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SSE2 (Streaming SIMD Extensions 2) is one of the Intel SIMD (Single Instruction, Multiple Data) processor supplementary instruction sets introduced by Intel with the initial version of the Pentium 4 in 2000. SSE2 instructions allow the use of XMM (SIMD) registers on x86 instruction set architecture processors. These registers can load up to 128 bits of data and perform instructions, such as vector addition and multiplication, simultaneously.

SSE2 introduced double-precision floating point instructions in addition to the single-precision floating point and integer instructions found in SSE. SSE2 extends earlier SSE instruction set by adding 144 new instructions to the previous 70 instructions. SSE2 intends to fully replace MMX, a SIMD instruction set found on IA-32 architecture processors. Competing chip-maker AMD added support for SSE2 with the introduction of their Opteron and Athlon 64 ranges of AMD64 64-bit CPUs in 2003.

SSE2 was extended to create SSE3 in 2004, and extended once again to create SSE4 in 2006.


Most of the SSE2 instructions implement the integer vector operations also found in MMX. Instead of the MMX registers they use the XMM registers, which are wider and allow for significant performance improvements in specialized applications. Another advantage of replacing MMX with SSE2 is avoiding the mode switching penalty for issuing x87 instructions present in MMX because it is sharing register space with the x87 FPU. The SSE2 also complements the floating-point vector operations of the SSE instruction set by adding support for the double precision data type.

Other SSE2 extensions include a set of cache control instructions intended primarily to minimize cache pollution when processing infinite streams of information, and a sophisticated complement of numeric format conversion instructions.

AMD's implementation of SSE2 on the AMD64 (x86-64) platform includes an additional eight registers, doubling the total number to 16 (XMM0 through XMM15). These additional registers are only visible when running in 64-bit mode. Intel adopted these additional registers as part of their support for x86-64 architecture (or in Intel's parlance, "Intel 64") in 2004.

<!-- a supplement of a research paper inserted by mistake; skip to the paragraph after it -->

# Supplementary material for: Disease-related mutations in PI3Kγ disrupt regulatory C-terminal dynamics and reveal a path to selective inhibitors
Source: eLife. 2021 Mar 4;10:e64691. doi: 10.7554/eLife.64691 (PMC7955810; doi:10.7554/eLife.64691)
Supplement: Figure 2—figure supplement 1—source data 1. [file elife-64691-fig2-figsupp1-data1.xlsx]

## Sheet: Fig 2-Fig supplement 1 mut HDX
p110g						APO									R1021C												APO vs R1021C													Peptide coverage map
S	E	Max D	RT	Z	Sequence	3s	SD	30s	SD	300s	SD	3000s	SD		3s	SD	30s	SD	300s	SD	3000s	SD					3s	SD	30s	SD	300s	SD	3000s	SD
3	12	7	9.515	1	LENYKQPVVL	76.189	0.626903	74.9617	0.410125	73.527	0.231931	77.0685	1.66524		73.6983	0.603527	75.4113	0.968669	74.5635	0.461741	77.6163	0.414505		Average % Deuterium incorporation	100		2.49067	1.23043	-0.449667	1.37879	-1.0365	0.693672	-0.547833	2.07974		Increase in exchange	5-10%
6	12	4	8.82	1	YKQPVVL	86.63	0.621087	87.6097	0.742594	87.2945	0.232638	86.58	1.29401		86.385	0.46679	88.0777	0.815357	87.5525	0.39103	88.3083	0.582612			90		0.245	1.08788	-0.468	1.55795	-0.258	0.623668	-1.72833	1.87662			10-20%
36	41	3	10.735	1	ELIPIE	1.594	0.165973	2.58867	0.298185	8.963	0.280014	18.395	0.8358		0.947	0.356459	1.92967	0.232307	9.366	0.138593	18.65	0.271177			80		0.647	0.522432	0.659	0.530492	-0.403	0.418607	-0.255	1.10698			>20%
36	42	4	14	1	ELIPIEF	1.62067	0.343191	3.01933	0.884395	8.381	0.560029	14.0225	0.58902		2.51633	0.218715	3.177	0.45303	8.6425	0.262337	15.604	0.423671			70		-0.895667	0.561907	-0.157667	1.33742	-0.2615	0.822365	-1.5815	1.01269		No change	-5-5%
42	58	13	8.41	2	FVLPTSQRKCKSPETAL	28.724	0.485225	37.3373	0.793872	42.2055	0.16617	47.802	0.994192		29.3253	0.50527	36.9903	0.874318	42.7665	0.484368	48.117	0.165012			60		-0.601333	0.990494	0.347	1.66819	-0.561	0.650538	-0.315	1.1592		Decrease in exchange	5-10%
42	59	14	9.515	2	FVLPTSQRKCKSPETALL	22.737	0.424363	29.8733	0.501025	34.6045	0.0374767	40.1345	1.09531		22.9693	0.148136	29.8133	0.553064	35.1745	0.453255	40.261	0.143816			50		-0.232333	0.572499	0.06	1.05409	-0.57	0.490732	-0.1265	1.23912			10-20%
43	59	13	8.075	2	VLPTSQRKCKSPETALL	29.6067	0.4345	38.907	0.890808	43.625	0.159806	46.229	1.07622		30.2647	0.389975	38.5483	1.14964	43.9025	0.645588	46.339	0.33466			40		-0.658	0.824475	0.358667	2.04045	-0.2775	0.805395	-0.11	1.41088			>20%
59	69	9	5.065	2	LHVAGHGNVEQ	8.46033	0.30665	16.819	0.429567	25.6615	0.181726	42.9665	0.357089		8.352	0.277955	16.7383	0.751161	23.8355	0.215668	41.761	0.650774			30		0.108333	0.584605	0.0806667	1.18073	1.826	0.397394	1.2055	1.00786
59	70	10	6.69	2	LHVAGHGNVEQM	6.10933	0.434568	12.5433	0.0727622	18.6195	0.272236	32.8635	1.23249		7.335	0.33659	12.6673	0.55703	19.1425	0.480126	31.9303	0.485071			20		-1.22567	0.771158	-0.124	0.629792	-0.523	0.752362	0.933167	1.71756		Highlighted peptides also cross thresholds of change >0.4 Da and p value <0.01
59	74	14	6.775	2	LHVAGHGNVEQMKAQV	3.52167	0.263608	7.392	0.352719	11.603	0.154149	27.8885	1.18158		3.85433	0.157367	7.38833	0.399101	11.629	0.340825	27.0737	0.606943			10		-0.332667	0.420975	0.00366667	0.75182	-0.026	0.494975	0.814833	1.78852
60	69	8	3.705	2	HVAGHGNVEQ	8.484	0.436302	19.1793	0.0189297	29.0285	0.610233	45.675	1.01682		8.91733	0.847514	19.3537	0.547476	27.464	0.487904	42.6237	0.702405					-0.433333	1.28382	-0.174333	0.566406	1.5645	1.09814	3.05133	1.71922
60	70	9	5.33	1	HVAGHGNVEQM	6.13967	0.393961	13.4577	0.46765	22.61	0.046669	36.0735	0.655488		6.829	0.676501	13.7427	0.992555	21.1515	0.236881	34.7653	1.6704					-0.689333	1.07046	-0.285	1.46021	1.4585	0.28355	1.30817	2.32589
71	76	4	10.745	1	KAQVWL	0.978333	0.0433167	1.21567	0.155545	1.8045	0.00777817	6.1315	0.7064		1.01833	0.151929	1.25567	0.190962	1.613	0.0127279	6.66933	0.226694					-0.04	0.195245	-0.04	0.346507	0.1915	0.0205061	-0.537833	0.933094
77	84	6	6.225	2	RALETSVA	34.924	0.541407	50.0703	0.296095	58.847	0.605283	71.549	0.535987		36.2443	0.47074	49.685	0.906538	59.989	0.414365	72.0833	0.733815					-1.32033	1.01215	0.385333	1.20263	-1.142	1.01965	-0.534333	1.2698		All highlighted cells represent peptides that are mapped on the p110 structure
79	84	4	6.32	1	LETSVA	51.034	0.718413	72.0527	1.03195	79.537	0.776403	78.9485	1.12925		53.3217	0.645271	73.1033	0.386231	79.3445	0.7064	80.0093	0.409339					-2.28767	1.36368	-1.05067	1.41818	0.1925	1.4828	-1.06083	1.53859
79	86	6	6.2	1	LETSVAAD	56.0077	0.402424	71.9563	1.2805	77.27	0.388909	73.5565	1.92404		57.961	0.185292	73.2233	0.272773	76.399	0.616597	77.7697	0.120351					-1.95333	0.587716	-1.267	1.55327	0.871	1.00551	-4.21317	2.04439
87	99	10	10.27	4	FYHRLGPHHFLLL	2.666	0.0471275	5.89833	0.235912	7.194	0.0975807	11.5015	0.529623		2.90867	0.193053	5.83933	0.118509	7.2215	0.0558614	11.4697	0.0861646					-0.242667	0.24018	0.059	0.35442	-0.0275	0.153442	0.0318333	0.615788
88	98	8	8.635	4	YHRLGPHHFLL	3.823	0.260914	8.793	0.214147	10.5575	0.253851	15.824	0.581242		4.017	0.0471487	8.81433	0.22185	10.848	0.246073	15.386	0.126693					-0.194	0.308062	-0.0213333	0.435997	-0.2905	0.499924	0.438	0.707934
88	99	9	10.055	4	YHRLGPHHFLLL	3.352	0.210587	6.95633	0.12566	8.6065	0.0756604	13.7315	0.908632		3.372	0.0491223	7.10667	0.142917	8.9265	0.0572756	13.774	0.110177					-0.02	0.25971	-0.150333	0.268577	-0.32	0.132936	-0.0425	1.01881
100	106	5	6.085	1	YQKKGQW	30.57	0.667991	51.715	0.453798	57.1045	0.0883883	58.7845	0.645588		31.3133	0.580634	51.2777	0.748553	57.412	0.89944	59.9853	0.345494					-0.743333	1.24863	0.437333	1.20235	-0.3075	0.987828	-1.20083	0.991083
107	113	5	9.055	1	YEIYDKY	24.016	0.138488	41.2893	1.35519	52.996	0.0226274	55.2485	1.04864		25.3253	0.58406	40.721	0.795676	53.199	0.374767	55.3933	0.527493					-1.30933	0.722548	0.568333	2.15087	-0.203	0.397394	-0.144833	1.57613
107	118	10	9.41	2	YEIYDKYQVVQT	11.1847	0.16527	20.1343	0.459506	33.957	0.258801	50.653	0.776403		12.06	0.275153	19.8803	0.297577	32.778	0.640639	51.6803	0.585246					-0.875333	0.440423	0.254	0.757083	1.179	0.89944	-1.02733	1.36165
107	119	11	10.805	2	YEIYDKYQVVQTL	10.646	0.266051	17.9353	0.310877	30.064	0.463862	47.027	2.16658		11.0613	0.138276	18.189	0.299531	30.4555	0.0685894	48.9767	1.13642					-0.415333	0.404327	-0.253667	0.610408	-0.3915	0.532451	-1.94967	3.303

Differences between x87 FPU and SSE2

FPU (x87) instructions provide higher precision by calculating intermediate results with 80 bits of precision, by default, to minimise roundoff error in numerically unstable algorithms (see IEEE 754 design rationale and references therein). However, the x87 FPU is a scalar unit only whereas SSE2 can process a small vector of operands in parallel.

If code designed for x87 is ported to the lower precision double precision SSE2 floating point, certain combinations of math operations or input datasets can result in measurable numerical deviation, which can be an issue in reproducible scientific computations, e.g. if the calculation results must be compared against results generated from a different machine architecture. A related issue is that, historically, language standards and compilers had been inconsistent in their handling of the x87 80-bit registers implementing double extended precision variables, compared with the double and single precision formats implemented in SSE2: the rounding of extended precision intermediate values to double precision variables was not fully defined and was dependent on implementation details such as when registers were spilled to memory.

Differences between MMX and SSE2

SSE2 extends MMX instructions to operate on XMM registers. Therefore, it is possible to convert all existing MMX code to an SSE2 equivalent. Since an SSE2 register is twice as long as an MMX register, loop counters and memory access may need to be changed to accommodate this. However, 8 byte loads and stores to XMM are available, so this is not strictly required.